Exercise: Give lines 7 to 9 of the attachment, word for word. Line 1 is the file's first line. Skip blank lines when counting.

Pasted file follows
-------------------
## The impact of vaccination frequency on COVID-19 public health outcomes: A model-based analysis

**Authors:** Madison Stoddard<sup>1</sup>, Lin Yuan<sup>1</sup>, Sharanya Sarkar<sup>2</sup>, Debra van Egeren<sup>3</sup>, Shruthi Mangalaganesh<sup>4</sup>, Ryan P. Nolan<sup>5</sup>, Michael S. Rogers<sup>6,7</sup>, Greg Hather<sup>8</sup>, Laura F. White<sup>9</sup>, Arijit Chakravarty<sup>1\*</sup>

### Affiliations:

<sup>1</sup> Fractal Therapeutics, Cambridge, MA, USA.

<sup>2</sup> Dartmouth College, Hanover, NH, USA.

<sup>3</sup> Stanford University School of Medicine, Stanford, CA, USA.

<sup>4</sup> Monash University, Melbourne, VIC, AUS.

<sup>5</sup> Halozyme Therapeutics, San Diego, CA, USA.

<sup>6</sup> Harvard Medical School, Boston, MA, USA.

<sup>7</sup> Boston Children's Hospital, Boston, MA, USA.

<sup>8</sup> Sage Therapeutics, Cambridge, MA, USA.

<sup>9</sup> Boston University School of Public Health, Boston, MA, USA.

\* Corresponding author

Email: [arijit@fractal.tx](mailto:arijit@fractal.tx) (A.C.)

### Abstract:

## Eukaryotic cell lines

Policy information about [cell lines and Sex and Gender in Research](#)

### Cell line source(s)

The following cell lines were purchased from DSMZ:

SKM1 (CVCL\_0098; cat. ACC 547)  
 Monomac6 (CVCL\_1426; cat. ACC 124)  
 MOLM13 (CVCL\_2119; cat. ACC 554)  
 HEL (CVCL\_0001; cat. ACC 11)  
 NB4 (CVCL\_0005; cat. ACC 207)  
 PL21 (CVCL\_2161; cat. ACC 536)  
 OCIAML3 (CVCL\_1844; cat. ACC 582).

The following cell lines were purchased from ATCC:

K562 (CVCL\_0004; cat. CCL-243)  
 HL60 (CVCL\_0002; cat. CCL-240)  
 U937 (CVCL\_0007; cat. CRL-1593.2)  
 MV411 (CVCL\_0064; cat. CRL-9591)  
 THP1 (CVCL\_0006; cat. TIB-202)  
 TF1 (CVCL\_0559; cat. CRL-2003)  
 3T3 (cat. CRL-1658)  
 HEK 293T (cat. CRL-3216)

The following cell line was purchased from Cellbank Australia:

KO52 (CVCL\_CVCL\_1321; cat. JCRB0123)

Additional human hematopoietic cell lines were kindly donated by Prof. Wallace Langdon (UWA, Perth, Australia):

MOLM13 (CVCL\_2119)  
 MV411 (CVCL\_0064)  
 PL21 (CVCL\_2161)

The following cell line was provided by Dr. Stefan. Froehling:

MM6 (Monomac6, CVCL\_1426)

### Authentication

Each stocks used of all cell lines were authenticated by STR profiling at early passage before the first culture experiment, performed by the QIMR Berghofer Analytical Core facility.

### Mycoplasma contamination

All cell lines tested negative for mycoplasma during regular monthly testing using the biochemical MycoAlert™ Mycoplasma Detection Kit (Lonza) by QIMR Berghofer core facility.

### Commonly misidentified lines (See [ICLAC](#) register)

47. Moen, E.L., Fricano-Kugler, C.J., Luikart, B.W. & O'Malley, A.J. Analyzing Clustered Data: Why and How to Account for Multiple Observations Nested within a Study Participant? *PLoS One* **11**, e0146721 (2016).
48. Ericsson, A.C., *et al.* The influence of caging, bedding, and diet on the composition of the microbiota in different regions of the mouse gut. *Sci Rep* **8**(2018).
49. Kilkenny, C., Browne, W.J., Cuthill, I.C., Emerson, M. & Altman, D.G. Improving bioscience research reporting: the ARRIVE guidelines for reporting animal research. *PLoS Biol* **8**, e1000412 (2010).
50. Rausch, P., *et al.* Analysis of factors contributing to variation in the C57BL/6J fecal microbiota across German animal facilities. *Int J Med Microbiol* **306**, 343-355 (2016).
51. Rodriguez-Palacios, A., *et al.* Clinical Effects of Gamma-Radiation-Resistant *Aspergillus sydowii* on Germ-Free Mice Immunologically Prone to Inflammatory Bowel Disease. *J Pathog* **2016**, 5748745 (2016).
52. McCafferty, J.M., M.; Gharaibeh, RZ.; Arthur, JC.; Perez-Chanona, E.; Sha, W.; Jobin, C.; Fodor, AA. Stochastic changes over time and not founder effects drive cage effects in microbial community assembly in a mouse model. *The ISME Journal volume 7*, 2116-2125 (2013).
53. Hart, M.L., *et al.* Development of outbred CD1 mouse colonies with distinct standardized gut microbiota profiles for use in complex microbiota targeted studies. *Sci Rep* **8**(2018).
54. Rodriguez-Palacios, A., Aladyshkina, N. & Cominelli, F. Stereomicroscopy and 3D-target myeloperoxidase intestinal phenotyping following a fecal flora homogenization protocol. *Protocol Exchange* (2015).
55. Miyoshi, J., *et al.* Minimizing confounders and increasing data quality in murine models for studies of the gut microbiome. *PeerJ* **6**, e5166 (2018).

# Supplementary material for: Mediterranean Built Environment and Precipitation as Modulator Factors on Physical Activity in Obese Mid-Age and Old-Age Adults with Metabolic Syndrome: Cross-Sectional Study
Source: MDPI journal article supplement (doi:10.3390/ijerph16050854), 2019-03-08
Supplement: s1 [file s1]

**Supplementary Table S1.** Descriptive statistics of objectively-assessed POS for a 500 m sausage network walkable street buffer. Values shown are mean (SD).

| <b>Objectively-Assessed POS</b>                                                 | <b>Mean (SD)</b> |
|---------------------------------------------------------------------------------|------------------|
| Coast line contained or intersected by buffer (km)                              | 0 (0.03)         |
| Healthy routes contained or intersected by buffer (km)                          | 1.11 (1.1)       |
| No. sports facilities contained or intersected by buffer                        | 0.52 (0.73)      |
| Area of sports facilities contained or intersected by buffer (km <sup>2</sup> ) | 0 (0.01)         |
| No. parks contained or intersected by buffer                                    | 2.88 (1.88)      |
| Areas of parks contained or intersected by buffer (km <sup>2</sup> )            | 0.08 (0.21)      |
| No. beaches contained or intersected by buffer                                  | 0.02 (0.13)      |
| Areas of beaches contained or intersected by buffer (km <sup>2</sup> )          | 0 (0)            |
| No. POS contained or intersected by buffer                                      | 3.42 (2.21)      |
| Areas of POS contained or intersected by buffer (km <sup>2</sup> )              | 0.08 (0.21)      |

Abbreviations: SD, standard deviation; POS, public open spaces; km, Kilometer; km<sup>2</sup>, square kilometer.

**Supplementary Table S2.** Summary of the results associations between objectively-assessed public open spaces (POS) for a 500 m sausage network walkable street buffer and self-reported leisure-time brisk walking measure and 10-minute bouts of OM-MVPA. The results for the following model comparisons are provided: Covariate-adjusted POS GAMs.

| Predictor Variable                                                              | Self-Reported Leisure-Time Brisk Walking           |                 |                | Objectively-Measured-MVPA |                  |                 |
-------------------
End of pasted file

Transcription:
<sup>4</sup> Monash University, Melbourne, VIC, AUS.

<sup>5</sup> Halozyme Therapeutics, San Diego, CA, USA.

<sup>6</sup> Harvard Medical School, Boston, MA, USA.